Nearly a month following the publication of the review, seven years after Ari’s death, the FBI has finally reclassified the Brooklyn Bridge Shooting as a clear act of terrorism. In a letter to Ari’s mother dated December 5, 2000, the U.S. Department of Justice writes, “It is fair to conclude on the basis of this evidence that the murder of Ari and the shooting at the van were motivated in significant part by Baz’s views and his desire to retaliate against Jewish people and, as such, were, in our view, the crimes of a terrorist as described by the state prosecutor at the time of Baz’s sentence: All of these things culminated on the morning of March 1 with the defendant committing an act which, based on the psychiatric testimony that we’ve heard in this case, can only be considered as an act of terrorism. Insofar as what appears to be clear is that the defendant targeted these youths, targeted innocent civilians to make what was in essence a political situation in the Middle East which as we heard from the defense psychiatrist, the defendant has always deeply personalized. And more particularly on the events that had occurred three or four days earlier in Hebron where a Jewish settler from Brooklyn had killed a number of Arabs praying at a mosque. It seems clear that the defendant targeted these boys because they were obviously Jewish.” Your son’s tragic murder cannot be righted. But his death can and does serve as inspiration to all in law enforcement who strive to combat terrorism wherever it occurs whatever form it occurs.”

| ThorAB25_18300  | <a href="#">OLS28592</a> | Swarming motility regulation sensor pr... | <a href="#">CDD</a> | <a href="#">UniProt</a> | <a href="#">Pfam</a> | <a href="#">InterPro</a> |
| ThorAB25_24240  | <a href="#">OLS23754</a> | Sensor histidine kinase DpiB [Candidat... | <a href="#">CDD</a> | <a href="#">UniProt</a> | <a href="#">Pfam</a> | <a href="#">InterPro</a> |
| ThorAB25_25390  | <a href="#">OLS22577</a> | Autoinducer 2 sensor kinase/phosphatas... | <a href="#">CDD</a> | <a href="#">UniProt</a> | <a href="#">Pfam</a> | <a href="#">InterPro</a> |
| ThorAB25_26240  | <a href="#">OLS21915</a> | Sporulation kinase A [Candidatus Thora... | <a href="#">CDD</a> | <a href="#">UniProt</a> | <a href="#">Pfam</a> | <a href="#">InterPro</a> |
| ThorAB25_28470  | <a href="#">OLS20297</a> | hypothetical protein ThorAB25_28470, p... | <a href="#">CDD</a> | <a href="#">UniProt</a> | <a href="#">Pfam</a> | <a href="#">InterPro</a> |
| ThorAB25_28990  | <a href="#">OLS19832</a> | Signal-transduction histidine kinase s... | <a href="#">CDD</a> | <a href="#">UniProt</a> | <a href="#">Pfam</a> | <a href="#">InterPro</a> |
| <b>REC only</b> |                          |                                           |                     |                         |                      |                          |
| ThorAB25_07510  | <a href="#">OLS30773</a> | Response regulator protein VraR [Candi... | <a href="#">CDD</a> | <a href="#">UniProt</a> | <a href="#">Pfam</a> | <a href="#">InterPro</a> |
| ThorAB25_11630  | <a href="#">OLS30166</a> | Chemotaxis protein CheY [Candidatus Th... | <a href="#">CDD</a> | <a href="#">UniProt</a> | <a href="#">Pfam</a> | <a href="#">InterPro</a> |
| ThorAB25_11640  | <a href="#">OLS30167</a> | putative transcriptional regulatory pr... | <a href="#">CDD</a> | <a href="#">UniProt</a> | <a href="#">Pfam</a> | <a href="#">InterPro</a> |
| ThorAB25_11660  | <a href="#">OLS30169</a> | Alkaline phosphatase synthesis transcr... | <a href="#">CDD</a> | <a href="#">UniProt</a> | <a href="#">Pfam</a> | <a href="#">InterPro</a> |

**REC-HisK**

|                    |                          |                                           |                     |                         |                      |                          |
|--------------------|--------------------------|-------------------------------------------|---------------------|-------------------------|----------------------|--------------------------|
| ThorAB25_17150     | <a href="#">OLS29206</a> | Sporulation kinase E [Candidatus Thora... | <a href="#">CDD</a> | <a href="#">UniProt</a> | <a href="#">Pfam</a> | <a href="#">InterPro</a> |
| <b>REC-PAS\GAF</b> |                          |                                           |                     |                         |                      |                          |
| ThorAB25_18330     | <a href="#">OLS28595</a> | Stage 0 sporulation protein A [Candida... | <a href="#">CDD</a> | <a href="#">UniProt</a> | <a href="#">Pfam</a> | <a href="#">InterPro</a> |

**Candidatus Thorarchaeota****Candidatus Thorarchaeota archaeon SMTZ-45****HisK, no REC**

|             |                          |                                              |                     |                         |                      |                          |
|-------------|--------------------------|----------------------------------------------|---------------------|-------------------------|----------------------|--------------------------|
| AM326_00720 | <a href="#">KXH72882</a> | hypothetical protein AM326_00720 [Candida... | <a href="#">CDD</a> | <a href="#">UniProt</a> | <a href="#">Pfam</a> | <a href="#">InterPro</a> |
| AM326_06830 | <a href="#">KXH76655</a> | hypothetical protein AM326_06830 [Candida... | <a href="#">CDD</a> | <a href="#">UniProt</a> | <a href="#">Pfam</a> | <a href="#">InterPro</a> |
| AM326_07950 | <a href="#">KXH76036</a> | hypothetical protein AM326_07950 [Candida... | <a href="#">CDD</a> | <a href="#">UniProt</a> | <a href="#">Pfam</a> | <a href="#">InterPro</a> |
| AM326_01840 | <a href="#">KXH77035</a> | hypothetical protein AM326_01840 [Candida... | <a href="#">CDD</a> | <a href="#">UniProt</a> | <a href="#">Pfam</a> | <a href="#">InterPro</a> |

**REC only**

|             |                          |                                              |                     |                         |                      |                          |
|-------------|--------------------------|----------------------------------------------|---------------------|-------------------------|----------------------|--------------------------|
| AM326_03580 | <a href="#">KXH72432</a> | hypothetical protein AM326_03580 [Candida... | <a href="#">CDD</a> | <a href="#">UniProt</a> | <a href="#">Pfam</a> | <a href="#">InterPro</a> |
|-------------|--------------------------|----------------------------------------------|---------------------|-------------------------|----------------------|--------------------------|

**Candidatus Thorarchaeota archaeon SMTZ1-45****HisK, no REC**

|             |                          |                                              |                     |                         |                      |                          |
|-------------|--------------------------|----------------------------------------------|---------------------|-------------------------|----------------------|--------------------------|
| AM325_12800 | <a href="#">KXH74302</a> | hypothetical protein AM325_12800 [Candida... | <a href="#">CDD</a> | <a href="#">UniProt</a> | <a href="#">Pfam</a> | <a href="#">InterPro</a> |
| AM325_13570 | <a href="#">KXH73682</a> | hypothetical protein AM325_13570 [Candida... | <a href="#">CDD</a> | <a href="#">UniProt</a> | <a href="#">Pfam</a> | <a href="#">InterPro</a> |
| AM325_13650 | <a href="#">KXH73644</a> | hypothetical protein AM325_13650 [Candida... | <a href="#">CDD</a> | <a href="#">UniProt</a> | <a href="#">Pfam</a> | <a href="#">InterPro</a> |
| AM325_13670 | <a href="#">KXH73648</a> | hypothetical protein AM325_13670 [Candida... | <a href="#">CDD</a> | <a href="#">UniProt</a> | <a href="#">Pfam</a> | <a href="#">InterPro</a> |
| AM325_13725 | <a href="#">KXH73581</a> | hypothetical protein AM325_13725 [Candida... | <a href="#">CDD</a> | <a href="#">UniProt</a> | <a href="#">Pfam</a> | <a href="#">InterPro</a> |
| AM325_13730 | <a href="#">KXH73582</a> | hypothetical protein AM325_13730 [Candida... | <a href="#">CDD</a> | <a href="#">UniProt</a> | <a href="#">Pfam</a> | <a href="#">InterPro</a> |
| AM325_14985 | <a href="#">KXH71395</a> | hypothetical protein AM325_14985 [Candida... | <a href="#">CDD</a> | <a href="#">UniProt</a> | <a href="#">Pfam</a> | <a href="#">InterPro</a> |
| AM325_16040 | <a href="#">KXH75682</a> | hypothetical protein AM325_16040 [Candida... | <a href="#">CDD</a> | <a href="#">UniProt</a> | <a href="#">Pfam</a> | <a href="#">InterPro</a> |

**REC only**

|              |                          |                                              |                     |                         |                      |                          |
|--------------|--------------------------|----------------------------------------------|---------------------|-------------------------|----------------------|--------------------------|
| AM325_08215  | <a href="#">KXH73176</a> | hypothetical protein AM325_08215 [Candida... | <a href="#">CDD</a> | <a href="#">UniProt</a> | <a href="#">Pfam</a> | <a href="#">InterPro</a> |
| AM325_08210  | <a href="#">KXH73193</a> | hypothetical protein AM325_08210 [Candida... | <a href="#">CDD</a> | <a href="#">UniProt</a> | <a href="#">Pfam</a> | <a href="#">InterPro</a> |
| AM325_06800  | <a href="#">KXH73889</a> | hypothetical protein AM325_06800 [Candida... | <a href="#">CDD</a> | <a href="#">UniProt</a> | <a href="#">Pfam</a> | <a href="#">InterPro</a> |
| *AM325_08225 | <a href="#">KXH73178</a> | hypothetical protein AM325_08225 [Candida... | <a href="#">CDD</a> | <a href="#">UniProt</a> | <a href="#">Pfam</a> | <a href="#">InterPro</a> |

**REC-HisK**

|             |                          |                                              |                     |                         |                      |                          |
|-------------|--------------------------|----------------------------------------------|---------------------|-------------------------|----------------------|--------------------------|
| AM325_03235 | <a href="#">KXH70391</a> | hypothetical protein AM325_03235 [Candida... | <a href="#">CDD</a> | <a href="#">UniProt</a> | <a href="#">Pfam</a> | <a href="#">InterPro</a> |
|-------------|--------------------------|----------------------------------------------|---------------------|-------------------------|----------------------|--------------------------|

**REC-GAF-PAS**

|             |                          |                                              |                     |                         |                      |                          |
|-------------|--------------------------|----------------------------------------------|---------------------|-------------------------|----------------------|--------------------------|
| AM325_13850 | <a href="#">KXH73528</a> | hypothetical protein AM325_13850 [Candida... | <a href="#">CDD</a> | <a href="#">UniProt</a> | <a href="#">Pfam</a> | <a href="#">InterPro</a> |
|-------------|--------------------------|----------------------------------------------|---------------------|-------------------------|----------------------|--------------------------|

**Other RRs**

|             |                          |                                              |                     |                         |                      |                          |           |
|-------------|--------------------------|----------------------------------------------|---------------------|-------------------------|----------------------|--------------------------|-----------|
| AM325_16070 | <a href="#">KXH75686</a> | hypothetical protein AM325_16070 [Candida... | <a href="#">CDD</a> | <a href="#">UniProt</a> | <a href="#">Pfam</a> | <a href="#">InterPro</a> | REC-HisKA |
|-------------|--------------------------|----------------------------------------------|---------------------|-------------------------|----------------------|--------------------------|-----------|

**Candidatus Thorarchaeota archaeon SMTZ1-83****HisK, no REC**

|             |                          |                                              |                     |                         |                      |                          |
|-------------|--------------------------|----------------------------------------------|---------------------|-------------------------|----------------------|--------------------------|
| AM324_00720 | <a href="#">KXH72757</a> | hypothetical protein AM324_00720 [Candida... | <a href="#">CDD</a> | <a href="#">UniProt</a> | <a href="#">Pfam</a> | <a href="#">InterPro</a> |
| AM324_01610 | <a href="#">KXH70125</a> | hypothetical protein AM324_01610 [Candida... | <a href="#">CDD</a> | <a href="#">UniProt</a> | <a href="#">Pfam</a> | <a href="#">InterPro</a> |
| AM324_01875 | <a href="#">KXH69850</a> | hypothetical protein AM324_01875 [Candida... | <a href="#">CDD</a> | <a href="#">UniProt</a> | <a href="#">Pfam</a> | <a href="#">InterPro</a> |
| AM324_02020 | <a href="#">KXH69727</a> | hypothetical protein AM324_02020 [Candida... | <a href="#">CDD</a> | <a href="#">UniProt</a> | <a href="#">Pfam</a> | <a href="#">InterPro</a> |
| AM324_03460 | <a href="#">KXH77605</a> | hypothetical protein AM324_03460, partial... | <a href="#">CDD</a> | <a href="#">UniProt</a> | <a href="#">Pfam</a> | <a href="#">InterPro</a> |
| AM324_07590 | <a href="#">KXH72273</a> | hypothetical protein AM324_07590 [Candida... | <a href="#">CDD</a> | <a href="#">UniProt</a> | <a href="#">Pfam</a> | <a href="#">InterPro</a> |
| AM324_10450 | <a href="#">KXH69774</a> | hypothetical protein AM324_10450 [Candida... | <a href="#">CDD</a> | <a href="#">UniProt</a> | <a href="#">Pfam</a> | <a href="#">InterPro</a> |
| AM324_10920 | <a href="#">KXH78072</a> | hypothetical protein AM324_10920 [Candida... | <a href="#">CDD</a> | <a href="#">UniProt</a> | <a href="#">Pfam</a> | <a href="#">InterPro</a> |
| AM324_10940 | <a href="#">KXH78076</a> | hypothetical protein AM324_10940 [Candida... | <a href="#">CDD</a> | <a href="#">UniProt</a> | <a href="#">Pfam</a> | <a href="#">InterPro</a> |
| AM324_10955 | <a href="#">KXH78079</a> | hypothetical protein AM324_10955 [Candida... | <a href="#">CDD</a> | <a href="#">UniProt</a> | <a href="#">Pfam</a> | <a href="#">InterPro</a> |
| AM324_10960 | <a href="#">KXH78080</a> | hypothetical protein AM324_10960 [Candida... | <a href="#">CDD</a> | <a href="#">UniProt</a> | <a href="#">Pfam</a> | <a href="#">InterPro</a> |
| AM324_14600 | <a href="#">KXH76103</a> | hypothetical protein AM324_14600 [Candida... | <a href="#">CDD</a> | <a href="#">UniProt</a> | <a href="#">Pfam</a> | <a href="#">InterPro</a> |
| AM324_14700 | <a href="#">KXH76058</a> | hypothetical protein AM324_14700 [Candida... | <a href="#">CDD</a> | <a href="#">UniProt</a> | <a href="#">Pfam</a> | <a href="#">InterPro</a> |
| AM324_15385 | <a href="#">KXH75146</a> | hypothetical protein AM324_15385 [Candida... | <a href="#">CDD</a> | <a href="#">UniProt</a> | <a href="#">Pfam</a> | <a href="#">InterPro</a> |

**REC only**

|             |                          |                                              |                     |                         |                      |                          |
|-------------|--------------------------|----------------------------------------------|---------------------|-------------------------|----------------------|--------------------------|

In a second letter from Barry Mawn, Assistant Director in charge of the FBI, dated December 11, 2000, he writes, “The FBI’s Counterterrorism Threat Assessment and Warning Unit publishes an annual publication which summarizes both domestic and international terrorism incidents which occurred during the previous year. Included in each publication is a chronological summary of terrorism incidents in the United States since 1990. I assure you your son’s murder will now be included in this chronology and published annually.”